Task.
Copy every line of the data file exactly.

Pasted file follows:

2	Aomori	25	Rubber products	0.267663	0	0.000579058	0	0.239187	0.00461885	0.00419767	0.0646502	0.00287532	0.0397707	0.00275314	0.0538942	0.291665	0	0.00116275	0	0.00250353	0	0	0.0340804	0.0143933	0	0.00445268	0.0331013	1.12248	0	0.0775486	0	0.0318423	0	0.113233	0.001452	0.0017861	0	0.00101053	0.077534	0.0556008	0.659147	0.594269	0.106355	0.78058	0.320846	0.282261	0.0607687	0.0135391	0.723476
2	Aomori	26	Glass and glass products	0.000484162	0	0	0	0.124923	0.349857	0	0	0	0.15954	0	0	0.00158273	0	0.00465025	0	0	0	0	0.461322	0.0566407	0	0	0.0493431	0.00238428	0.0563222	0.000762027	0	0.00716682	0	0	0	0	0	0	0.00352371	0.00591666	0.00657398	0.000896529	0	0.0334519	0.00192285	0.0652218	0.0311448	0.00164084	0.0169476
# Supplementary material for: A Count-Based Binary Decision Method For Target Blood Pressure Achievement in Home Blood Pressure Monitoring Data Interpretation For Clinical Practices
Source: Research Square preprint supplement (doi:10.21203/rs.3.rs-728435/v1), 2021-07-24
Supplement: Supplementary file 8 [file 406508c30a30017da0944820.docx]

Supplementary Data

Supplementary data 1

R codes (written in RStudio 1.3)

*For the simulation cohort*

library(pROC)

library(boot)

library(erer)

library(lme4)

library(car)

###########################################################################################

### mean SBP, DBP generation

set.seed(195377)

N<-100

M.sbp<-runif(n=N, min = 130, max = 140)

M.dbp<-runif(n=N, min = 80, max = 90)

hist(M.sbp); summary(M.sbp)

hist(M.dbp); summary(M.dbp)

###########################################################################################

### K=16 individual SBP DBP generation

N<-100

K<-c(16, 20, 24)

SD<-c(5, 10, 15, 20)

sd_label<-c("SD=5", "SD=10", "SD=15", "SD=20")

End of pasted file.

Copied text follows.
2	Aomori	25	Rubber products	0.267663	0	0.000579058	0	0.239187	0.00461885	0.00419767	0.0646502	0.00287532	0.0397707	0.00275314	0.0538942	0.291665	0	0.00116275	0	0.00250353	0	0	0.0340804	0.0143933	0	0.00445268	0.0331013	1.12248	0	0.0775486	0	0.0318423	0	0.113233	0.001452	0.0017861	0	0.00101053	0.077534	0.0556008	0.659147	0.594269	0.106355	0.78058	0.320846	0.282261	0.0607687	0.0135391	0.723476
2	Aomori	26	Glass and glass products	0.000484162	0	0	0	0.124923	0.349857	0	0	0	0.15954	0	0	0.00158273	0	0.00465025	0	0	0	0	0.461322	0.0566407	0	0	0.0493431	0.00238428	0.0563222	0.000762027	0	0.00716682	0	0	0	0	0	0	0.00352371	0.00591666	0.00657398	0.000896529	0	0.0334519	0.00192285	0.0652218	0.0311448	0.00164084	0.0169476
# Supplementary material for: A Count-Based Binary Decision Method For Target Blood Pressure Achievement in Home Blood Pressure Monitoring Data Interpretation For Clinical Practices
Source: Research Square preprint supplement (doi:10.21203/rs.3.rs-728435/v1), 2021-07-24
Supplement: Supplementary file 8 [file 406508c30a30017da0944820.docx]

Supplementary Data

Supplementary data 1

R codes (written in RStudio 1.3)

*For the simulation cohort*

library(pROC)

library(boot)

library(erer)

library(lme4)

library(car)

###########################################################################################

### mean SBP, DBP generation

set.seed(195377)

N<-100

M.sbp<-runif(n=N, min = 130, max = 140)

M.dbp<-runif(n=N, min = 80, max = 90)

hist(M.sbp); summary(M.sbp)

hist(M.dbp); summary(M.dbp)

###########################################################################################

### K=16 individual SBP DBP generation

N<-100

K<-c(16, 20, 24)

SD<-c(5, 10, 15, 20)

sd_label<-c("SD=5", "SD=10", "SD=15", "SD=20")